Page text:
I have recently tested positive for a high ana levels and scleroderma on two blood tests. I was dismissed by the rheumatologist I was referred to and the emergency room. My first physical signs were fatigue but then it evolved to an emergency room visit and a follow up to my primary for discoloration of my hands. I am required to wear gloves all of the time since, according to my primary my body is not able to properly heat my hands and they will turn purple almost black without gloves. It seems to me that age is against me when I saw the specialist since I am only 29. Right now, since I am finding the specialists in the area do not really understand or know how to treat the symtoms I am having I am trying to get into the Cleveland clinic for further evaluation. From the information I have gathered online this disease is overlooked or misunderstood by many specialists and is rare. If anyone has similar issues or any helpful advice it would be much appreciated as to what type of specialist I should see or how they have coped with an auto immune disease that is affected their day to day lives. I am having difficulty eating, sleeping and functioning on a regular basis. It seems that I am sick all of the time and I may have two or three good days in a two week time frame and the rest of my days I am struggling. Any advice would be much appreciated!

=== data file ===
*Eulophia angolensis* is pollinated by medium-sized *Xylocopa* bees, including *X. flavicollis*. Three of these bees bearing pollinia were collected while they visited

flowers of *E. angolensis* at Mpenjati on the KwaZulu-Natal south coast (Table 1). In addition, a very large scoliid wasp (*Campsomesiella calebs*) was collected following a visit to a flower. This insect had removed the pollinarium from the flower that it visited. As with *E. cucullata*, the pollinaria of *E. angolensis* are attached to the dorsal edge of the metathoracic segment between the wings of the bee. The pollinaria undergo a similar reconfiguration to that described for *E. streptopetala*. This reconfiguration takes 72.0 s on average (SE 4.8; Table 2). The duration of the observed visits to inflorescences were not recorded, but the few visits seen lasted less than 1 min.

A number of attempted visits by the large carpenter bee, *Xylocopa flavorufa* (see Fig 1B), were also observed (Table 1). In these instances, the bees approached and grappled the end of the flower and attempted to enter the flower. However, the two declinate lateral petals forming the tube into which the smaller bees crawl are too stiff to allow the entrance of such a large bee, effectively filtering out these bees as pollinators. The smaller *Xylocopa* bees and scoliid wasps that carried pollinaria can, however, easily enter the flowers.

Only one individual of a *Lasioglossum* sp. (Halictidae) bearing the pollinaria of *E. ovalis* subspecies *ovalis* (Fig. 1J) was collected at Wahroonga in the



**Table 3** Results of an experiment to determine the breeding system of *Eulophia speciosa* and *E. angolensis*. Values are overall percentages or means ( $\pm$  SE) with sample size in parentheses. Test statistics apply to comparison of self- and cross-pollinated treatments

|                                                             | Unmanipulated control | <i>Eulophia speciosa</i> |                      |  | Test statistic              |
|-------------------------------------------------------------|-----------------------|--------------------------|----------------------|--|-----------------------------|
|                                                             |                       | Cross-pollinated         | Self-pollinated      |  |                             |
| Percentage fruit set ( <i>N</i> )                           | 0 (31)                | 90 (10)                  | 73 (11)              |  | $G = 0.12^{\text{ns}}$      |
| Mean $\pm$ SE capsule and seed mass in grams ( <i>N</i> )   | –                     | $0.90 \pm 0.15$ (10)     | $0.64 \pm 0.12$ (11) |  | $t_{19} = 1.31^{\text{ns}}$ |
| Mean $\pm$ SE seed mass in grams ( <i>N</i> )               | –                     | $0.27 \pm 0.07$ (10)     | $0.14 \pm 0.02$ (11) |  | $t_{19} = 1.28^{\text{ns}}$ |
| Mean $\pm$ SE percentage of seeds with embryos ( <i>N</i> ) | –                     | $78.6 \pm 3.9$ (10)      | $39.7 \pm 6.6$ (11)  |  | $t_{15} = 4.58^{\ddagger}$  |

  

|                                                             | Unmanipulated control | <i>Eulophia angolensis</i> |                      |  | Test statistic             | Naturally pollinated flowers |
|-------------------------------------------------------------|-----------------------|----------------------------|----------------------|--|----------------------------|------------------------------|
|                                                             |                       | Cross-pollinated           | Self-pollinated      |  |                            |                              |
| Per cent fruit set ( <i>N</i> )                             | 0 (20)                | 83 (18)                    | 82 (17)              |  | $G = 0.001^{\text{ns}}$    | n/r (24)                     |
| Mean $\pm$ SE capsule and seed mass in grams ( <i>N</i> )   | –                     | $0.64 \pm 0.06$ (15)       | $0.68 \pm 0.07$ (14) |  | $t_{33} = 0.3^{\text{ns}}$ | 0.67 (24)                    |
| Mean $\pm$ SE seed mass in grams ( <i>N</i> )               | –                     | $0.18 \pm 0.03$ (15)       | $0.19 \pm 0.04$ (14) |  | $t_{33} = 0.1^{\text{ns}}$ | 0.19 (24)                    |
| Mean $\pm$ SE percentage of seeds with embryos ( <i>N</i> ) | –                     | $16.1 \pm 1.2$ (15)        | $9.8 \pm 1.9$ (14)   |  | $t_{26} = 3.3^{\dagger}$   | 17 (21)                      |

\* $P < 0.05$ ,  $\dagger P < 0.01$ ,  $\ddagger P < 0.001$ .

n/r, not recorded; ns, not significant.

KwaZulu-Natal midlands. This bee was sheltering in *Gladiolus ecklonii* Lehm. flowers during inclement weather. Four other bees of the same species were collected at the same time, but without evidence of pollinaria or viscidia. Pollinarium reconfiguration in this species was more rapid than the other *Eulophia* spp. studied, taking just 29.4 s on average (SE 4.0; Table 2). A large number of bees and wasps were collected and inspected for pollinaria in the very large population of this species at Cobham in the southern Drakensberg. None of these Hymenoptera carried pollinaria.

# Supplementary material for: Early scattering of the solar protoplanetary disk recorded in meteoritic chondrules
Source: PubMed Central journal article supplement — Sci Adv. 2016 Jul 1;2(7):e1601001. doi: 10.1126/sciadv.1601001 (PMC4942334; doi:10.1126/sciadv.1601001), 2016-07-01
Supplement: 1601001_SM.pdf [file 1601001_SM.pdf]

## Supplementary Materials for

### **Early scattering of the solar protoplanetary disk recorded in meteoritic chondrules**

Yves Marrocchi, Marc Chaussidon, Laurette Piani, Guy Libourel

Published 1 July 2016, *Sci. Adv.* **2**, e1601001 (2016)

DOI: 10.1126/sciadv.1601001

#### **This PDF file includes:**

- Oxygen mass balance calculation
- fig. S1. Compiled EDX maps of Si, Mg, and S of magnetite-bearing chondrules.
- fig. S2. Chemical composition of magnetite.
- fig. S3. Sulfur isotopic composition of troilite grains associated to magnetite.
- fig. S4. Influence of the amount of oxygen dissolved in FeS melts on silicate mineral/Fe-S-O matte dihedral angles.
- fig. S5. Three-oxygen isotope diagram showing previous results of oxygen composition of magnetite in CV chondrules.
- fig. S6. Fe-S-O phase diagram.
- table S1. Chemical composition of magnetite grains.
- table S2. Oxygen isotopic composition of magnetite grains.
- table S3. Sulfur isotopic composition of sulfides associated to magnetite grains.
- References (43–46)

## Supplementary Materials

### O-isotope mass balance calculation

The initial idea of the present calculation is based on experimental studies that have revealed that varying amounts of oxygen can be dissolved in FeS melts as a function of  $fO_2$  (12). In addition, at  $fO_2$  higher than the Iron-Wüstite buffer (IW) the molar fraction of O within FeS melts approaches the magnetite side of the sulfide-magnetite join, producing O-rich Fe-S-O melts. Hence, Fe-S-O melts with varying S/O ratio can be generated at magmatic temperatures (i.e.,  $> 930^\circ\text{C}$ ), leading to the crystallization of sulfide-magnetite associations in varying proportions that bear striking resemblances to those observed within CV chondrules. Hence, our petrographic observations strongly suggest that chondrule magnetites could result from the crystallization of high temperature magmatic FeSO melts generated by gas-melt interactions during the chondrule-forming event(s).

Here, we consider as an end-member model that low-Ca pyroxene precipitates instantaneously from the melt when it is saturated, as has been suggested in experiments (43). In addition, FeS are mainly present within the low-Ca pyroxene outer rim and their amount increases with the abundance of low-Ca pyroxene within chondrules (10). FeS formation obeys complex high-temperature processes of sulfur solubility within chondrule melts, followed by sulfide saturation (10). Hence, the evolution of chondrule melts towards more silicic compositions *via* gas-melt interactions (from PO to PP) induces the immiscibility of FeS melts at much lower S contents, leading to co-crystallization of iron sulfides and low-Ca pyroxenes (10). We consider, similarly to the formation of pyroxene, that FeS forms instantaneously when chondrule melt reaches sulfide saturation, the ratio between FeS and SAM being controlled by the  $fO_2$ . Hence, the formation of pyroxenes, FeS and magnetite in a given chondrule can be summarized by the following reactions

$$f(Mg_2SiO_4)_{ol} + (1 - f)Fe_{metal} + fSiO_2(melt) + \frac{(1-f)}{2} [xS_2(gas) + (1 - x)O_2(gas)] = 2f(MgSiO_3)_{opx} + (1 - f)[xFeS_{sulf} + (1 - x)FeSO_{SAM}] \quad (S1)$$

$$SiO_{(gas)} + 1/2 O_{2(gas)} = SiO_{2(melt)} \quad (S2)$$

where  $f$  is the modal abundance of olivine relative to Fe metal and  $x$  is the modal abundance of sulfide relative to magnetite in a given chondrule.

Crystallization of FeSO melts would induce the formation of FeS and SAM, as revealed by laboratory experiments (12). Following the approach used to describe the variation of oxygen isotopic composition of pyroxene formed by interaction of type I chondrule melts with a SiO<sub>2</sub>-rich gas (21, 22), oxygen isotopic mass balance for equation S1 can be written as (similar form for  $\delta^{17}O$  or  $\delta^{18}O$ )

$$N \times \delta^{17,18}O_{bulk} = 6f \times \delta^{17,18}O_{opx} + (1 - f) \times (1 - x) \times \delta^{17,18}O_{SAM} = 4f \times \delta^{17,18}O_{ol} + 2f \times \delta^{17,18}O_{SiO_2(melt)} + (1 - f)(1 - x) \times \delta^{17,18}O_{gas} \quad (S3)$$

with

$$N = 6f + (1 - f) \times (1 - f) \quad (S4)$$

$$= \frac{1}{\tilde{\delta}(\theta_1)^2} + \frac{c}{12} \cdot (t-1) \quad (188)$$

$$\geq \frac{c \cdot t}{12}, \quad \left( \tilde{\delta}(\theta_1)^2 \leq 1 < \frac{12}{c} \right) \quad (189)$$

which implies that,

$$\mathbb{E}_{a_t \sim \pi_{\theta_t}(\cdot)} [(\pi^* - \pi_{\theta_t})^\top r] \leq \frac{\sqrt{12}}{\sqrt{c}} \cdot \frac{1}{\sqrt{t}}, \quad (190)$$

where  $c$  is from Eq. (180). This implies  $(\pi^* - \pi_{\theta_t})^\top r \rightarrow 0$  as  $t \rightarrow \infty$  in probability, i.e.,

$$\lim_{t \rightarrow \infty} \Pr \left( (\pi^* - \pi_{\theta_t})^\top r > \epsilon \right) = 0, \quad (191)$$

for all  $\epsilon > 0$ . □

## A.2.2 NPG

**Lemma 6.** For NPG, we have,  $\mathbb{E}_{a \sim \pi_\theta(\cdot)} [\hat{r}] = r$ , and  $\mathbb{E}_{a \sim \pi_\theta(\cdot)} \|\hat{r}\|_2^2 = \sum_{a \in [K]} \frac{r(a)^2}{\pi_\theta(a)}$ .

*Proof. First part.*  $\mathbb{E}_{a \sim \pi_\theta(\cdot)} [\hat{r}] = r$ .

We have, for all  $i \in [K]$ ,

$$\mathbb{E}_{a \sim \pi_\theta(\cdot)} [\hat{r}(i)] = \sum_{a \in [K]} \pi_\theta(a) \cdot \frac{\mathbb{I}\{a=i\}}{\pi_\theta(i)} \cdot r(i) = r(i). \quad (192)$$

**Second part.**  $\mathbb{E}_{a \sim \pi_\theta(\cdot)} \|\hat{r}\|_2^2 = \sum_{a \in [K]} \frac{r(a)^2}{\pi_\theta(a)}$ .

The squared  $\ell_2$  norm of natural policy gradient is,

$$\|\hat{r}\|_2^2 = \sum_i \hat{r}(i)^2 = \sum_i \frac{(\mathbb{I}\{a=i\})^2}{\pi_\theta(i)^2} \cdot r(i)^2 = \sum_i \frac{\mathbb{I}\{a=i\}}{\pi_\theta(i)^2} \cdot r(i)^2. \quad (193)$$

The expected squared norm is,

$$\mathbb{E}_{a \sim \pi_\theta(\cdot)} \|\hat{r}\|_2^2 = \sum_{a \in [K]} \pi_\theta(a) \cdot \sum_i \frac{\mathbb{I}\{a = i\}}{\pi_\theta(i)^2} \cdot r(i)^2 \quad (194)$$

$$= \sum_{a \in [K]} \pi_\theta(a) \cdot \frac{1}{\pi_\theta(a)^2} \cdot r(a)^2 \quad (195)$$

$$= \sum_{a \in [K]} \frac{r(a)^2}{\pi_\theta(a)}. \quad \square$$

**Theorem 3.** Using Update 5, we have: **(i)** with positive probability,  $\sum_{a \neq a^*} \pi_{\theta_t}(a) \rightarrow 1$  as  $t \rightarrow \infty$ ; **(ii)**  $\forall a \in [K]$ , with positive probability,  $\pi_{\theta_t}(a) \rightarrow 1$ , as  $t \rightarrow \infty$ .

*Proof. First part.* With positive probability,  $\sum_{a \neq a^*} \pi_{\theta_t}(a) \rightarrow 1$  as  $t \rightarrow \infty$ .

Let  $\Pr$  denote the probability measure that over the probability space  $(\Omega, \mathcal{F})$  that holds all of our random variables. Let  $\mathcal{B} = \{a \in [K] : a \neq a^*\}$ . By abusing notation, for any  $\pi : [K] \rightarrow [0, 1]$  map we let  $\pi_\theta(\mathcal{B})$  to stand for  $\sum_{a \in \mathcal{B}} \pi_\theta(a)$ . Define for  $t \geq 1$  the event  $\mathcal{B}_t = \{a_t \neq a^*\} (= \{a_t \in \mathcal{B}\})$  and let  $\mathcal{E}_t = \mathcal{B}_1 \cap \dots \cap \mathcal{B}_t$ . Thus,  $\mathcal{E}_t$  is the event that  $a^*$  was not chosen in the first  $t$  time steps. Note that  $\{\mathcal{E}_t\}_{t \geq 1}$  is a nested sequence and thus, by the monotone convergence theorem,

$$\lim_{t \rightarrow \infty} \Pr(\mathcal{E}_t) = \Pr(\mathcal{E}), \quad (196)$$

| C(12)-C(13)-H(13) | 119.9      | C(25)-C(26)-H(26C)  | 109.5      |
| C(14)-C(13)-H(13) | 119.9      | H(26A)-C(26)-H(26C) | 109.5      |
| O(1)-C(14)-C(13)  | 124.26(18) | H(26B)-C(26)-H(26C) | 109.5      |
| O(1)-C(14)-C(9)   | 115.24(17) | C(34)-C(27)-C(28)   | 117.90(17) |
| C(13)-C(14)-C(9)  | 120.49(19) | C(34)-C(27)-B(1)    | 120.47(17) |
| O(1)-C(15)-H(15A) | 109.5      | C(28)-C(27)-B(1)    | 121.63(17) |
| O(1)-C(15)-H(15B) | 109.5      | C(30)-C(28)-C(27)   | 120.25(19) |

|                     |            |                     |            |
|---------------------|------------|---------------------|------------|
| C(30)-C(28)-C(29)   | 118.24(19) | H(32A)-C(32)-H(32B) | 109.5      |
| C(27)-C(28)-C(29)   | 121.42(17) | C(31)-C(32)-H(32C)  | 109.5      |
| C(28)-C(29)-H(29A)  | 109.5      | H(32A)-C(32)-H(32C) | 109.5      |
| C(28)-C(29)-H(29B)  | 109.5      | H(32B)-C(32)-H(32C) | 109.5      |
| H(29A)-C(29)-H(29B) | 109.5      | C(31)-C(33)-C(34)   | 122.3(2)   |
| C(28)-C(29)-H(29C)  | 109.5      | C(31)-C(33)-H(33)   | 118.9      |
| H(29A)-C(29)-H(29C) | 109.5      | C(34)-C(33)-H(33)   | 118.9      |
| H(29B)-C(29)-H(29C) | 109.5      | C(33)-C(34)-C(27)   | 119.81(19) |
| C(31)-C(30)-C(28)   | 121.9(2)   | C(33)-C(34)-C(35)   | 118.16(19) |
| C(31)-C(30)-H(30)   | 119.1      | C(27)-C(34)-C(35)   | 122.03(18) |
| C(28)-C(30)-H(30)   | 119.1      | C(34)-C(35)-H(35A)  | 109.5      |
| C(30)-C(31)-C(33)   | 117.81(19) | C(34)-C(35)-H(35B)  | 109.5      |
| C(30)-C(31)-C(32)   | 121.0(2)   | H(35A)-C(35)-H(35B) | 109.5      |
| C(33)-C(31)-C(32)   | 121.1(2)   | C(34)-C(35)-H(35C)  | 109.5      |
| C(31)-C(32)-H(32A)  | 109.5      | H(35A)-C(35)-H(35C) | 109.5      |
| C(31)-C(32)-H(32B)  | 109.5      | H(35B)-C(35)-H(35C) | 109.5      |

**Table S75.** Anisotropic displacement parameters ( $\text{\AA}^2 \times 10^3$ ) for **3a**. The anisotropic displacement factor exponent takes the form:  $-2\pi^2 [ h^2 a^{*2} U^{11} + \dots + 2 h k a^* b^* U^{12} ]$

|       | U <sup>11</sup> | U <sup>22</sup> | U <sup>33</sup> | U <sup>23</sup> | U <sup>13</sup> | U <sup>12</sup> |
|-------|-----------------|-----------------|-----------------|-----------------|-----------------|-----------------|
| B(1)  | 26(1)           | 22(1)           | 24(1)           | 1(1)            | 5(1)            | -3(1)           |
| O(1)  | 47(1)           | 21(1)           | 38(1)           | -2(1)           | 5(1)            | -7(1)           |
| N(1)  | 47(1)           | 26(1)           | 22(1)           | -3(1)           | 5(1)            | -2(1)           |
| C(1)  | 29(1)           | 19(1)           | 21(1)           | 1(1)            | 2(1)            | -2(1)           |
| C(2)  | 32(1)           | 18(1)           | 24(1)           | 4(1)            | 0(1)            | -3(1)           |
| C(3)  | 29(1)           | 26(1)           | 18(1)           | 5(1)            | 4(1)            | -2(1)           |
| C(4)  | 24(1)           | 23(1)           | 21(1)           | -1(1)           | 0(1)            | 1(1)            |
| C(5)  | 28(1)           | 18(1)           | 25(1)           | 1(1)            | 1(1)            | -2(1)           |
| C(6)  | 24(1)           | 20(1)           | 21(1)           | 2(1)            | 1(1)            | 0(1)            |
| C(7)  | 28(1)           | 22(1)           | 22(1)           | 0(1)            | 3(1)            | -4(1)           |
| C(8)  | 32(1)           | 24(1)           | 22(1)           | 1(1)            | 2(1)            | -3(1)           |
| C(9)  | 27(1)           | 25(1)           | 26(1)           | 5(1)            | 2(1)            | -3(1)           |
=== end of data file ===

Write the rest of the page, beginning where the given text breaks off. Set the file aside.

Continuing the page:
Hi JBK1983. First off you need to see a rheumatologist who is a sclero specialist.